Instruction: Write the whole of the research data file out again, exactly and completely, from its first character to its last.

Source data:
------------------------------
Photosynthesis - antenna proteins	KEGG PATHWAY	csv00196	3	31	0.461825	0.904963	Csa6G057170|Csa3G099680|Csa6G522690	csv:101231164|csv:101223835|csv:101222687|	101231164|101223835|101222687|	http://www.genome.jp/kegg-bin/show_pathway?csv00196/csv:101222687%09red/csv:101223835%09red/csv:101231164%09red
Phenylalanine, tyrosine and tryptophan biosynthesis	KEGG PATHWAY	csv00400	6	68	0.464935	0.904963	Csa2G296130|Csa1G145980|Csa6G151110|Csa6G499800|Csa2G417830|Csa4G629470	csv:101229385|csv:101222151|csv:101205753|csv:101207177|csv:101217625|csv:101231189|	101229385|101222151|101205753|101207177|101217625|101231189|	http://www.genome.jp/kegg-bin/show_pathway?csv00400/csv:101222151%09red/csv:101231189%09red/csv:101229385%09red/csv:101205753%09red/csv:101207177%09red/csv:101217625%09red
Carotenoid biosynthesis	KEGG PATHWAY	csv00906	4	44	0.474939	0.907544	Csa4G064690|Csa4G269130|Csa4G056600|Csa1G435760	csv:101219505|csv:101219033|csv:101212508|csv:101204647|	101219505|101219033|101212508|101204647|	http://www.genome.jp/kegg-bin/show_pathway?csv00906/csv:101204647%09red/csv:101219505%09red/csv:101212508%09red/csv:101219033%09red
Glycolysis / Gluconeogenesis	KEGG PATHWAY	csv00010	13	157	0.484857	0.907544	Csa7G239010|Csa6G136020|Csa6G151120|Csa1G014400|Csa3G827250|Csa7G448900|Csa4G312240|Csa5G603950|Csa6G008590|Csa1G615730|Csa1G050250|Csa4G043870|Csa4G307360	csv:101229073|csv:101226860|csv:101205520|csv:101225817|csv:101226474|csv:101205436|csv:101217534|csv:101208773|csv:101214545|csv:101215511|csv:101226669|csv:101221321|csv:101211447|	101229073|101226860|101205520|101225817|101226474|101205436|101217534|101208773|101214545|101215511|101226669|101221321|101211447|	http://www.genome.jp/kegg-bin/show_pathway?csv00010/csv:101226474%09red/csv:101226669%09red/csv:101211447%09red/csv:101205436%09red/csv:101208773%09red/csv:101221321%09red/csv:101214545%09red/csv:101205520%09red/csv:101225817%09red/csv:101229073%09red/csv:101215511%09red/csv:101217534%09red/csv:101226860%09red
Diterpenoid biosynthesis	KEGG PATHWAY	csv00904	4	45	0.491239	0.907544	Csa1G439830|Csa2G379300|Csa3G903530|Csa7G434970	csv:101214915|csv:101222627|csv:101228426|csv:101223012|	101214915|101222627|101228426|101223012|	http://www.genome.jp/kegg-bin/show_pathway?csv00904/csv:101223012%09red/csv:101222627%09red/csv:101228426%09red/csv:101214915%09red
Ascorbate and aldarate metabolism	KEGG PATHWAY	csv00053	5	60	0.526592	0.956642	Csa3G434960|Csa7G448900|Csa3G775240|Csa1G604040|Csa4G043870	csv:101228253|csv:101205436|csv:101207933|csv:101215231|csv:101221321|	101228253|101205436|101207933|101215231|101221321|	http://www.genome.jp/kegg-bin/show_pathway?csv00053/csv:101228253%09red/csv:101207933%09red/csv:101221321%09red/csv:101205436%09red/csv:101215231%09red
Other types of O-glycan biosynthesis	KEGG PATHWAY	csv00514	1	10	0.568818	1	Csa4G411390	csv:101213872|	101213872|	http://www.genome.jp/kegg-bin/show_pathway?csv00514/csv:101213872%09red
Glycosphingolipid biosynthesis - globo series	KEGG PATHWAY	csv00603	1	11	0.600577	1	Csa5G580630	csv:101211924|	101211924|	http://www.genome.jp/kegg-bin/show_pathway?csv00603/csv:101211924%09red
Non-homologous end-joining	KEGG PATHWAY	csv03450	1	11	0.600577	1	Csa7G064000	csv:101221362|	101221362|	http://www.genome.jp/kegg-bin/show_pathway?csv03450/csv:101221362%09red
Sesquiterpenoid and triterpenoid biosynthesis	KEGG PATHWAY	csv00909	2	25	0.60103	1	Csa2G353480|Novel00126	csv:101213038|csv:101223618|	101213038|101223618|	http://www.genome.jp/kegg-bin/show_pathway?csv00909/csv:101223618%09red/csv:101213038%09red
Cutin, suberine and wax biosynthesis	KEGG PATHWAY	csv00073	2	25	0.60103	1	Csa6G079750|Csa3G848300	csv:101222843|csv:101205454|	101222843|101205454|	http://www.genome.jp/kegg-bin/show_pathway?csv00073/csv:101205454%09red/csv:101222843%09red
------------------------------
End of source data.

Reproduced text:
Photosynthesis - antenna proteins	KEGG PATHWAY	csv00196	3	31	0.461825	0.904963	Csa6G057170|Csa3G099680|Csa6G522690	csv:101231164|csv:101223835|csv:101222687|	101231164|101223835|101222687|	http://www.genome.jp/kegg-bin/show_pathway?csv00196/csv:101222687%09red/csv:101223835%09red/csv:101231164%09red
Phenylalanine, tyrosine and tryptophan biosynthesis	KEGG PATHWAY	csv00400	6	68	0.464935	0.904963	Csa2G296130|Csa1G145980|Csa6G151110|Csa6G499800|Csa2G417830|Csa4G629470	csv:101229385|csv:101222151|csv:101205753|csv:101207177|csv:101217625|csv:101231189|	101229385|101222151|101205753|101207177|101217625|101231189|	http://www.genome.jp/kegg-bin/show_pathway?csv00400/csv:101222151%09red/csv:101231189%09red/csv:101229385%09red/csv:101205753%09red/csv:101207177%09red/csv:101217625%09red
Carotenoid biosynthesis	KEGG PATHWAY	csv00906	4	44	0.474939	0.907544	Csa4G064690|Csa4G269130|Csa4G056600|Csa1G435760	csv:101219505|csv:101219033|csv:101212508|csv:101204647|	101219505|101219033|101212508|101204647|	http://www.genome.jp/kegg-bin/show_pathway?csv00906/csv:101204647%09red/csv:101219505%09red/csv:101212508%09red/csv:101219033%09red
Glycolysis / Gluconeogenesis	KEGG PATHWAY	csv00010	13	157	0.484857	0.907544	Csa7G239010|Csa6G136020|Csa6G151120|Csa1G014400|Csa3G827250|Csa7G448900|Csa4G312240|Csa5G603950|Csa6G008590|Csa1G615730|Csa1G050250|Csa4G043870|Csa4G307360	csv:101229073|csv:101226860|csv:101205520|csv:101225817|csv:101226474|csv:101205436|csv:101217534|csv:101208773|csv:101214545|csv:101215511|csv:101226669|csv:101221321|csv:101211447|	101229073|101226860|101205520|101225817|101226474|101205436|101217534|101208773|101214545|101215511|101226669|101221321|101211447|	http://www.genome.jp/kegg-bin/show_pathway?csv00010/csv:101226474%09red/csv:101226669%09red/csv:101211447%09red/csv:101205436%09red/csv:101208773%09red/csv:101221321%09red/csv:101214545%09red/csv:101205520%09red/csv:101225817%09red/csv:101229073%09red/csv:101215511%09red/csv:101217534%09red/csv:101226860%09red
Diterpenoid biosynthesis	KEGG PATHWAY	csv00904	4	45	0.491239	0.907544	Csa1G439830|Csa2G379300|Csa3G903530|Csa7G434970	csv:101214915|csv:101222627|csv:101228426|csv:101223012|	101214915|101222627|101228426|101223012|	http://www.genome.jp/kegg-bin/show_pathway?csv00904/csv:101223012%09red/csv:101222627%09red/csv:101228426%09red/csv:101214915%09red
Ascorbate and aldarate metabolism	KEGG PATHWAY	csv00053	5	60	0.526592	0.956642	Csa3G434960|Csa7G448900|Csa3G775240|Csa1G604040|Csa4G043870	csv:101228253|csv:101205436|csv:101207933|csv:101215231|csv:101221321|	101228253|101205436|101207933|101215231|101221321|	http://www.genome.jp/kegg-bin/show_pathway?csv00053/csv:101228253%09red/csv:101207933%09red/csv:101221321%09red/csv:101205436%09red/csv:101215231%09red
Other types of O-glycan biosynthesis	KEGG PATHWAY	csv00514	1	10	0.568818	1	Csa4G411390	csv:101213872|	101213872|	http://www.genome.jp/kegg-bin/show_pathway?csv00514/csv:101213872%09red
Glycosphingolipid biosynthesis - globo series	KEGG PATHWAY	csv00603	1	11	0.600577	1	Csa5G580630	csv:101211924|	101211924|	http://www.genome.jp/kegg-bin/show_pathway?csv00603/csv:101211924%09red
Non-homologous end-joining	KEGG PATHWAY	csv03450	1	11	0.600577	1	Csa7G064000	csv:101221362|	101221362|	http://www.genome.jp/kegg-bin/show_pathway?csv03450/csv:101221362%09red
Sesquiterpenoid and triterpenoid biosynthesis	KEGG PATHWAY	csv00909	2	25	0.60103	1	Csa2G353480|Novel00126	csv:101213038|csv:101223618|	101213038|101223618|	http://www.genome.jp/kegg-bin/show_pathway?csv00909/csv:101223618%09red/csv:101213038%09red
Cutin, suberine and wax biosynthesis	KEGG PATHWAY	csv00073	2	25	0.60103	1	Csa6G079750|Csa3G848300	csv:101222843|csv:101205454|	101222843|101205454|	http://www.genome.jp/kegg-bin/show_pathway?csv00073/csv:101205454%09red/csv:101222843%09red